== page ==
Balmer spectroscopic lines from plasma?

In stars, the Balmer lines are usually seen in absorption, and they are "strongest" in stars with a surface temperature of about 10,000 kelvins (spectral type A). Balmer series|Role in astronomy

At 10,000 K the hydrogen is a plasma, I suppose. How can we talk about Balmer lines if the electrons are not bonded anymore to the nucleus?

The Balmer series is characterized by the electron transitioning from n ≥ 3 to n = 2, where n refers to the radial quantum number or principal quantum number of the electron. Balmer series | Overview.

Balmer absorption arises from the $$n=2$$ level. To have a significant occupation of the $$n=2$$ level it has to be quite hot, because of the 10.2 eV gap between the ground state and $$n=2$$. The fraction of atoms in the $$n=2$$ level just grows with temperature.
The peak number of atoms in the $$n=2$$ level is at around 10,000 K. At higher temperatures, too many atoms are ionised, at lower temperatures the occupation of the $$n=2$$ level is lower. This graph (from http://spiff.rit.edu/classes/phys440/lectures/saha/) might help. As to why ionisation occurs at lower temperatures than significant occupation of the $$n=2$$ level, this is because if there are collisions and photons capable of putting a hydrogen atom in the $$n=2$$ level then these are also easily capable of ionising an atom that is in the $$n=2$$ level. The peak temperature for Balmer absorption is telling us what the pressure is in the stellar atmosphere.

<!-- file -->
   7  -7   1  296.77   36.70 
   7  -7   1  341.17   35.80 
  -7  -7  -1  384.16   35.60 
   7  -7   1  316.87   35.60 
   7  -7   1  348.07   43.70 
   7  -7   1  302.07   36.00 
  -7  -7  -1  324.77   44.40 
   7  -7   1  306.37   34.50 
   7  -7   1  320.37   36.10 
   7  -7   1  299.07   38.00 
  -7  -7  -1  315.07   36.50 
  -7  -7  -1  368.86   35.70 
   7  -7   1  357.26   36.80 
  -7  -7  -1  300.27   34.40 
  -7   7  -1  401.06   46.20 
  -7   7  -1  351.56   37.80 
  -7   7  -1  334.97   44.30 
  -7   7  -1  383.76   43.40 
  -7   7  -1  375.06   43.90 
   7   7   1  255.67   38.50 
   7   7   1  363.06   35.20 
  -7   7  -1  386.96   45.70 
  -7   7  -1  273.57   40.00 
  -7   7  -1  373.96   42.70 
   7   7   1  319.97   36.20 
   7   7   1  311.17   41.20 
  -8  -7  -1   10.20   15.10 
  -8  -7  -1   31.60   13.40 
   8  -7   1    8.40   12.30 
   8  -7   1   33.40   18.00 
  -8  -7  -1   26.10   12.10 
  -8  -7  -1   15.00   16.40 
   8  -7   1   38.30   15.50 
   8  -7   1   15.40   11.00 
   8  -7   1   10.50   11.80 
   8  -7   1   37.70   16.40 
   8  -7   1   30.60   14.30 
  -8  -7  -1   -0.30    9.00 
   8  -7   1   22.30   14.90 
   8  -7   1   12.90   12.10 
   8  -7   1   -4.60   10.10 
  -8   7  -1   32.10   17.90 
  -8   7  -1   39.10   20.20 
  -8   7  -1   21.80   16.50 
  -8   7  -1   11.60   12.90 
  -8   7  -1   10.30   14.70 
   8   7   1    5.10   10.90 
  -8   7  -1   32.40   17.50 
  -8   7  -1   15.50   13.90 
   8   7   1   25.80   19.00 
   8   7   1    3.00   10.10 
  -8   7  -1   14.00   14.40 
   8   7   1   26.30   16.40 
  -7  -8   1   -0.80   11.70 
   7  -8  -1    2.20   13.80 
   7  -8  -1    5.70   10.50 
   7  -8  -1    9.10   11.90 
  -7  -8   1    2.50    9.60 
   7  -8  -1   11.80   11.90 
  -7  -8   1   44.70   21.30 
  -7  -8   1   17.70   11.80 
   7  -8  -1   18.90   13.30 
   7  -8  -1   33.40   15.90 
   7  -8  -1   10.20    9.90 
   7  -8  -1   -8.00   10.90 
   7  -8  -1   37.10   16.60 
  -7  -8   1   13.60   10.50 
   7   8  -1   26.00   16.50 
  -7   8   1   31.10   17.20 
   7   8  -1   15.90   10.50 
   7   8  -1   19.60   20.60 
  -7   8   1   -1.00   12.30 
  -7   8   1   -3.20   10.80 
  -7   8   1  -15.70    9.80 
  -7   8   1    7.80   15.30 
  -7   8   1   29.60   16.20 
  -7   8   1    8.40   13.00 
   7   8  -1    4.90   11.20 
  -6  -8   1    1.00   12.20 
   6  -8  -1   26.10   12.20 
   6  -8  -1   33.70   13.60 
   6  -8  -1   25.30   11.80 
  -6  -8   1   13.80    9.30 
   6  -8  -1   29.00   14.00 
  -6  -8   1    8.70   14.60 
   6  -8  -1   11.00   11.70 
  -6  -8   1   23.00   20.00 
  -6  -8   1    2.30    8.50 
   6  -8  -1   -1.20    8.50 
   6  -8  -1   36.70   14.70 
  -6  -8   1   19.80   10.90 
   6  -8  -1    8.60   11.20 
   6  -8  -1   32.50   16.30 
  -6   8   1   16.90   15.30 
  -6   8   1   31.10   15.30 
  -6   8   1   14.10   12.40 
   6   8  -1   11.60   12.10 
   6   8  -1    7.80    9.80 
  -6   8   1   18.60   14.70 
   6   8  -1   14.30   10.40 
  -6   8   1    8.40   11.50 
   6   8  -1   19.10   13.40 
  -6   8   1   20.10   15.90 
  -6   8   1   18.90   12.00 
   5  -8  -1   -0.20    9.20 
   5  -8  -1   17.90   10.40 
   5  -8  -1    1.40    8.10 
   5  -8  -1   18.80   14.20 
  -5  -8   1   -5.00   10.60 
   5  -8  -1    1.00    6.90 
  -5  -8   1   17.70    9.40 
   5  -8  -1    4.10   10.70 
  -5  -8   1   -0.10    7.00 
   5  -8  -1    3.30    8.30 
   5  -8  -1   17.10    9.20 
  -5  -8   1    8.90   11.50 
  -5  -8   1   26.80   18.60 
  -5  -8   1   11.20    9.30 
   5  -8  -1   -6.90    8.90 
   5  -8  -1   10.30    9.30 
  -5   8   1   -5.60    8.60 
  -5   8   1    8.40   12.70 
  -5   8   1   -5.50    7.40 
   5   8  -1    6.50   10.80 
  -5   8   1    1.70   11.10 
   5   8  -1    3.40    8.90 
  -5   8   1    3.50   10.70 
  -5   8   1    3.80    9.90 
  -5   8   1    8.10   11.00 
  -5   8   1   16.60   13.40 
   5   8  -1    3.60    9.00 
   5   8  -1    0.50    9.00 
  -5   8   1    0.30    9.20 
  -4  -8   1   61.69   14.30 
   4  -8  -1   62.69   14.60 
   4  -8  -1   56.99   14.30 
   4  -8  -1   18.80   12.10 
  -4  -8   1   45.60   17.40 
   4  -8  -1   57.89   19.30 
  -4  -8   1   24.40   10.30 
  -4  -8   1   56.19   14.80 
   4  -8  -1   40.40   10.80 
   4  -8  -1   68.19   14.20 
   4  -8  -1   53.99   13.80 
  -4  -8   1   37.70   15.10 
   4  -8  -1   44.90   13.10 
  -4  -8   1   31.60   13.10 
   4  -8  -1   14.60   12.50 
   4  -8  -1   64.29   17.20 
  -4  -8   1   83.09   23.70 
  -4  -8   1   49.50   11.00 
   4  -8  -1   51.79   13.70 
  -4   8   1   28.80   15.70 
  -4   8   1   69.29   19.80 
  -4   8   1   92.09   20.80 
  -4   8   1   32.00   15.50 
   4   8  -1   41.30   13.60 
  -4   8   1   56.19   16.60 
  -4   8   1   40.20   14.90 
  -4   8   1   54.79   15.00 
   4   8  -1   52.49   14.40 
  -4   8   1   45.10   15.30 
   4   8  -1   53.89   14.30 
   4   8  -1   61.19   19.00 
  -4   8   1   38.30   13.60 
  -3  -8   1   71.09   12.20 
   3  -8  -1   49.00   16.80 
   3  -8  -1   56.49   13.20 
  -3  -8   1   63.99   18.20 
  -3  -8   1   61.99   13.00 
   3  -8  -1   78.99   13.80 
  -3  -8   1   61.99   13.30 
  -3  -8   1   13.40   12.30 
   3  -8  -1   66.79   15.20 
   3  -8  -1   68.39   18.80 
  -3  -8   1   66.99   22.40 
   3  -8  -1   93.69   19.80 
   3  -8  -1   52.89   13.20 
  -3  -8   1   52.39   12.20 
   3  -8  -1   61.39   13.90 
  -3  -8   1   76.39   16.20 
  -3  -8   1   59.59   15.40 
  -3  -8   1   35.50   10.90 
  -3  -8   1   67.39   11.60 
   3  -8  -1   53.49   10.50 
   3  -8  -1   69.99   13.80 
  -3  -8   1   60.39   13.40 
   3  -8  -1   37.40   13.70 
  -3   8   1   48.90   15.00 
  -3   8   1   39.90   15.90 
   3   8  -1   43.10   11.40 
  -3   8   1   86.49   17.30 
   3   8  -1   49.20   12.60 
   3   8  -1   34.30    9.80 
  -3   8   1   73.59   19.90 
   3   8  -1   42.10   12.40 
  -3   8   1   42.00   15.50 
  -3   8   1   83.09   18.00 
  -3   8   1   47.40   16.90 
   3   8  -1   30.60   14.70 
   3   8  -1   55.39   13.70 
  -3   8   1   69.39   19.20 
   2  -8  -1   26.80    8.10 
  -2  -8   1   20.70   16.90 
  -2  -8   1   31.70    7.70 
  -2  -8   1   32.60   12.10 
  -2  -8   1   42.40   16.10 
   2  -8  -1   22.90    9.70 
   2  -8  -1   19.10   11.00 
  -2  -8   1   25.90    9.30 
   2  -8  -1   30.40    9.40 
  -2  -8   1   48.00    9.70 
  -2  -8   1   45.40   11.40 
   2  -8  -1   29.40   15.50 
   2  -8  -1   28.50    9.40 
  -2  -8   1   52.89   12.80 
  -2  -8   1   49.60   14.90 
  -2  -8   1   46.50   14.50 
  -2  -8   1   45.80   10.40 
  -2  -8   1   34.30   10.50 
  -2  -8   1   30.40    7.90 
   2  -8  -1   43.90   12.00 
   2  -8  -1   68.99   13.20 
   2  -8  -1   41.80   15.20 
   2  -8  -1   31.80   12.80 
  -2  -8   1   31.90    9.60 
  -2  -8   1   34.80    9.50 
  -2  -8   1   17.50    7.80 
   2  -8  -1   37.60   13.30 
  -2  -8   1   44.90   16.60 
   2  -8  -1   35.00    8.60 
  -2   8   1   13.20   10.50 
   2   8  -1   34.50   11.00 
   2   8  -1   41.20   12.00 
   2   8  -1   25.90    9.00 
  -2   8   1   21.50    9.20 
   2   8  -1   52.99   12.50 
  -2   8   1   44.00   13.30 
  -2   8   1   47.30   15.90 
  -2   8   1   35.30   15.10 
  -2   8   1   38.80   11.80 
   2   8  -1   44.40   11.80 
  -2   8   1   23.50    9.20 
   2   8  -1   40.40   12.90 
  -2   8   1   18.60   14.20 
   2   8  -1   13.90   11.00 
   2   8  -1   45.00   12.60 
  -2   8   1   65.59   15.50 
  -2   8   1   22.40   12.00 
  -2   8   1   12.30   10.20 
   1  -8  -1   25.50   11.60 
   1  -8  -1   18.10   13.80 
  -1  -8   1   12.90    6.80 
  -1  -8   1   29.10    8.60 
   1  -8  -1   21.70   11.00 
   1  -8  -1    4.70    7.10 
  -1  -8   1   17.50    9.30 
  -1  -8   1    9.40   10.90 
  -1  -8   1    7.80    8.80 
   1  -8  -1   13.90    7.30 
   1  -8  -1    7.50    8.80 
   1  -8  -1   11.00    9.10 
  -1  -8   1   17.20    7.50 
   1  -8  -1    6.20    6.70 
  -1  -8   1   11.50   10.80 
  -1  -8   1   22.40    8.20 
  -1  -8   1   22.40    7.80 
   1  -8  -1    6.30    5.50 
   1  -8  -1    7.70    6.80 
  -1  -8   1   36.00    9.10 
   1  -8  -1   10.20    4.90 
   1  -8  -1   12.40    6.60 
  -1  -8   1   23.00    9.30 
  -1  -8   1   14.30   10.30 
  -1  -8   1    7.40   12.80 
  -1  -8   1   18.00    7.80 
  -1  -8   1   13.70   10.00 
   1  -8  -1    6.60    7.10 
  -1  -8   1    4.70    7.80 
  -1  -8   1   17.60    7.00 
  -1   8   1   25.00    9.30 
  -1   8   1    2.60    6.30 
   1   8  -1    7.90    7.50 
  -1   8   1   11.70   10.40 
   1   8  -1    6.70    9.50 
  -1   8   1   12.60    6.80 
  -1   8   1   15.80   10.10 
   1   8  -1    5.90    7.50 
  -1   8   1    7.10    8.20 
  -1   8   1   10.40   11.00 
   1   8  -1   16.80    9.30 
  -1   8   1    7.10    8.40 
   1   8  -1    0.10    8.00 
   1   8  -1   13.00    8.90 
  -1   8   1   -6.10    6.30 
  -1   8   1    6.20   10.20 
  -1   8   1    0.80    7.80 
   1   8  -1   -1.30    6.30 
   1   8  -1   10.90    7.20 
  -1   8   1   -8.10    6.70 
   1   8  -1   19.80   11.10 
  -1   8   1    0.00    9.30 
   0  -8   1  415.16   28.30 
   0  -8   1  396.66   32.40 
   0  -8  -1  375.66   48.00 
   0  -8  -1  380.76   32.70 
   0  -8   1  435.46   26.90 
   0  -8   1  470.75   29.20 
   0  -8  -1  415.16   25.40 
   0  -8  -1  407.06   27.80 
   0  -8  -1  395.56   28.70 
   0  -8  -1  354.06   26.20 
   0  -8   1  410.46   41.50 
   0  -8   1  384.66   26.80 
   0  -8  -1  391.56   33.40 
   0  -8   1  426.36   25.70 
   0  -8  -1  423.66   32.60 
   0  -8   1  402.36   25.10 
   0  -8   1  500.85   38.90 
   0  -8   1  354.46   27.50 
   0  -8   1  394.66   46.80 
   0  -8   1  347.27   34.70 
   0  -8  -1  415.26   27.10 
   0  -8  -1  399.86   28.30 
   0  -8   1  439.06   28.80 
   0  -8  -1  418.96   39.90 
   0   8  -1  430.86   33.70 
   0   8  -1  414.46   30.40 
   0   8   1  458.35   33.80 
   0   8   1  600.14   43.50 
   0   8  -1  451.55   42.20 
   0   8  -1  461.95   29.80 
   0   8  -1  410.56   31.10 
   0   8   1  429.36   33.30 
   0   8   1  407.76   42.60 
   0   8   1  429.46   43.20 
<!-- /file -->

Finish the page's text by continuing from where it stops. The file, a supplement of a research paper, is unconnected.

• The ratio of atoms in the first excited state to the ground state is always <1 in a gas in thermal equilibrium. At 1000K almost all the atoms would be in the ground state; there would therefore be no ionisation or Balmer lines. The term "plasma" could be used as soon as there is any ionisation. To "glow" in visible light requires atoms in the $n=3+$ states and or recombination radiation and would begin at ~7000K for that process. In an impure gas, then electrons from sodium and potassium atoms can provide electrons that form a recombination continuum with hydrogen atoms at lower temperatures Nov 24 '20 at 12:46